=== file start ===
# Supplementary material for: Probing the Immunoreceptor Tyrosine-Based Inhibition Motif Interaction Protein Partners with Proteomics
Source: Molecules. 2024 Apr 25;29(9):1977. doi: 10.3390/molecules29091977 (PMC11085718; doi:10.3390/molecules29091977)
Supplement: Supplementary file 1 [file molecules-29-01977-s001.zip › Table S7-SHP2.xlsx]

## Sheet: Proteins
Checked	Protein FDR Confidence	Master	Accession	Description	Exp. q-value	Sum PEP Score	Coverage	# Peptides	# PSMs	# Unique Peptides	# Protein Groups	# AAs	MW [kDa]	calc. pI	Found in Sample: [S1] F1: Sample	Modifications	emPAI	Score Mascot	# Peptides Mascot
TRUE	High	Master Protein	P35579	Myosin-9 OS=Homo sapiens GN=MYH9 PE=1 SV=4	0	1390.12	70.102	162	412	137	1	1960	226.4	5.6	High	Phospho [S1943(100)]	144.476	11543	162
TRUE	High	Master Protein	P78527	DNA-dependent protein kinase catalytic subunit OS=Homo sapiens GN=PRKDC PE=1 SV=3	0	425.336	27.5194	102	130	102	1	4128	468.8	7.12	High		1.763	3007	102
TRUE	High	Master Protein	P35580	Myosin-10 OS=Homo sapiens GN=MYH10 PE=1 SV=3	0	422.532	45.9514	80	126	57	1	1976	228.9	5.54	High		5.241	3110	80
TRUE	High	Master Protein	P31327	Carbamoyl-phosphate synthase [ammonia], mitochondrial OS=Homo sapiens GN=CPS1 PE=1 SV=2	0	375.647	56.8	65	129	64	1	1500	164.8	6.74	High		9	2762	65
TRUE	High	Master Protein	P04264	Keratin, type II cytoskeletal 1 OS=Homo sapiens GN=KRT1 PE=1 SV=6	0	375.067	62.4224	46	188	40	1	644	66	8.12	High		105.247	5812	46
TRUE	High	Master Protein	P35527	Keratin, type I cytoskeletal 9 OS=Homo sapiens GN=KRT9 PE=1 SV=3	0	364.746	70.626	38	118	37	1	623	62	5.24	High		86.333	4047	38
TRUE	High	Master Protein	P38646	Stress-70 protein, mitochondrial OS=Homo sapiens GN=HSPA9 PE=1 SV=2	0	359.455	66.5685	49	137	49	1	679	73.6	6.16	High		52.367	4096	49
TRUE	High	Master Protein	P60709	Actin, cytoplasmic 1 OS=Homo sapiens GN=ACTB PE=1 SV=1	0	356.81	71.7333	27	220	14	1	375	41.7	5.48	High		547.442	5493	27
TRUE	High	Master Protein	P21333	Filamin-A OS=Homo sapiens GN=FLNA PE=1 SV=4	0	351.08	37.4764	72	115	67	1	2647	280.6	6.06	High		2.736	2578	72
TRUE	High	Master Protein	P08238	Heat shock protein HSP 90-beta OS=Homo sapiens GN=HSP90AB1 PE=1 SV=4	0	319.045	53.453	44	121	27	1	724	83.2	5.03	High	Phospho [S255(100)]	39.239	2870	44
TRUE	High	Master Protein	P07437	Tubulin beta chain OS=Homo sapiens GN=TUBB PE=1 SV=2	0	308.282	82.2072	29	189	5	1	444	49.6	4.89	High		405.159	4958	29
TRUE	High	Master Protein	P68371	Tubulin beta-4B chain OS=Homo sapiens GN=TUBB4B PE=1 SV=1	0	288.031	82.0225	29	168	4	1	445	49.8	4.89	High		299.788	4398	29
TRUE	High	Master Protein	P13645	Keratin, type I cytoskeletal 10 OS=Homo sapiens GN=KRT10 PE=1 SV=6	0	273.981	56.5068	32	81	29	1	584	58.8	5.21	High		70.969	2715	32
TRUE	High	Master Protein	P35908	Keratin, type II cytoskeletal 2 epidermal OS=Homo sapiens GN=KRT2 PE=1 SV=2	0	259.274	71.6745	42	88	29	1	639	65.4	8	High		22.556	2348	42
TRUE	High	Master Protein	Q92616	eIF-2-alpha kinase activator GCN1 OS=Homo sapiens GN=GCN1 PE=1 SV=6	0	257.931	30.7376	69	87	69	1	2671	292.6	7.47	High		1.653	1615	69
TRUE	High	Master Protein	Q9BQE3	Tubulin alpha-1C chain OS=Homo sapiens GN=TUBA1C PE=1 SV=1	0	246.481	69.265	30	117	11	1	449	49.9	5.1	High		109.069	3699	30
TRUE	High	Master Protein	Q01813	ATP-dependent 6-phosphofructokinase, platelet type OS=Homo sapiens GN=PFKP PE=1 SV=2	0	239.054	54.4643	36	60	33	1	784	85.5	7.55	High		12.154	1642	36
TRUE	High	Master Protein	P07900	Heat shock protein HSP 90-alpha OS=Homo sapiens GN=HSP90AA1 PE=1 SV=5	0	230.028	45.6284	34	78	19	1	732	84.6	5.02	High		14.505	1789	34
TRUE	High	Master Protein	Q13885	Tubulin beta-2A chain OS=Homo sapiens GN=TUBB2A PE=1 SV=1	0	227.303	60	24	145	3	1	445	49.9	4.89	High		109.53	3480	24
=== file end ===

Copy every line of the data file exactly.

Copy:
# Supplementary material for: Probing the Immunoreceptor Tyrosine-Based Inhibition Motif Interaction Protein Partners with Proteomics
Source: Molecules. 2024 Apr 25;29(9):1977. doi: 10.3390/molecules29091977 (PMC11085718; doi:10.3390/molecules29091977)
Supplement: Supplementary file 1 [file molecules-29-01977-s001.zip › Table S7-SHP2.xlsx]

## Sheet: Proteins
Checked	Protein FDR Confidence	Master	Accession	Description	Exp. q-value	Sum PEP Score	Coverage	# Peptides	# PSMs	# Unique Peptides	# Protein Groups	# AAs	MW [kDa]	calc. pI	Found in Sample: [S1] F1: Sample	Modifications	emPAI	Score Mascot	# Peptides Mascot
TRUE	High	Master Protein	P35579	Myosin-9 OS=Homo sapiens GN=MYH9 PE=1 SV=4	0	1390.12	70.102	162	412	137	1	1960	226.4	5.6	High	Phospho [S1943(100)]	144.476	11543	162
TRUE	High	Master Protein	P78527	DNA-dependent protein kinase catalytic subunit OS=Homo sapiens GN=PRKDC PE=1 SV=3	0	425.336	27.5194	102	130	102	1	4128	468.8	7.12	High		1.763	3007	102
TRUE	High	Master Protein	P35580	Myosin-10 OS=Homo sapiens GN=MYH10 PE=1 SV=3	0	422.532	45.9514	80	126	57	1	1976	228.9	5.54	High		5.241	3110	80
TRUE	High	Master Protein	P31327	Carbamoyl-phosphate synthase [ammonia], mitochondrial OS=Homo sapiens GN=CPS1 PE=1 SV=2	0	375.647	56.8	65	129	64	1	1500	164.8	6.74	High		9	2762	65
TRUE	High	Master Protein	P04264	Keratin, type II cytoskeletal 1 OS=Homo sapiens GN=KRT1 PE=1 SV=6	0	375.067	62.4224	46	188	40	1	644	66	8.12	High		105.247	5812	46
TRUE	High	Master Protein	P35527	Keratin, type I cytoskeletal 9 OS=Homo sapiens GN=KRT9 PE=1 SV=3	0	364.746	70.626	38	118	37	1	623	62	5.24	High		86.333	4047	38
TRUE	High	Master Protein	P38646	Stress-70 protein, mitochondrial OS=Homo sapiens GN=HSPA9 PE=1 SV=2	0	359.455	66.5685	49	137	49	1	679	73.6	6.16	High		52.367	4096	49
TRUE	High	Master Protein	P60709	Actin, cytoplasmic 1 OS=Homo sapiens GN=ACTB PE=1 SV=1	0	356.81	71.7333	27	220	14	1	375	41.7	5.48	High		547.442	5493	27
TRUE	High	Master Protein	P21333	Filamin-A OS=Homo sapiens GN=FLNA PE=1 SV=4	0	351.08	37.4764	72	115	67	1	2647	280.6	6.06	High		2.736	2578	72
TRUE	High	Master Protein	P08238	Heat shock protein HSP 90-beta OS=Homo sapiens GN=HSP90AB1 PE=1 SV=4	0	319.045	53.453	44	121	27	1	724	83.2	5.03	High	Phospho [S255(100)]	39.239	2870	44
TRUE	High	Master Protein	P07437	Tubulin beta chain OS=Homo sapiens GN=TUBB PE=1 SV=2	0	308.282	82.2072	29	189	5	1	444	49.6	4.89	High		405.159	4958	29
TRUE	High	Master Protein	P68371	Tubulin beta-4B chain OS=Homo sapiens GN=TUBB4B PE=1 SV=1	0	288.031	82.0225	29	168	4	1	445	49.8	4.89	High		299.788	4398	29
TRUE	High	Master Protein	P13645	Keratin, type I cytoskeletal 10 OS=Homo sapiens GN=KRT10 PE=1 SV=6	0	273.981	56.5068	32	81	29	1	584	58.8	5.21	High		70.969	2715	32
TRUE	High	Master Protein	P35908	Keratin, type II cytoskeletal 2 epidermal OS=Homo sapiens GN=KRT2 PE=1 SV=2	0	259.274	71.6745	42	88	29	1	639	65.4	8	High		22.556	2348	42
TRUE	High	Master Protein	Q92616	eIF-2-alpha kinase activator GCN1 OS=Homo sapiens GN=GCN1 PE=1 SV=6	0	257.931	30.7376	69	87	69	1	2671	292.6	7.47	High		1.653	1615	69
TRUE	High	Master Protein	Q9BQE3	Tubulin alpha-1C chain OS=Homo sapiens GN=TUBA1C PE=1 SV=1	0	246.481	69.265	30	117	11	1	449	49.9	5.1	High		109.069	3699	30
TRUE	High	Master Protein	Q01813	ATP-dependent 6-phosphofructokinase, platelet type OS=Homo sapiens GN=PFKP PE=1 SV=2	0	239.054	54.4643	36	60	33	1	784	85.5	7.55	High		12.154	1642	36
TRUE	High	Master Protein	P07900	Heat shock protein HSP 90-alpha OS=Homo sapiens GN=HSP90AA1 PE=1 SV=5	0	230.028	45.6284	34	78	19	1	732	84.6	5.02	High		14.505	1789	34
TRUE	High	Master Protein	Q13885	Tubulin beta-2A chain OS=Homo sapiens GN=TUBB2A PE=1 SV=1	0	227.303	60	24	145	3	1	445	49.9	4.89	High		109.53	3480	24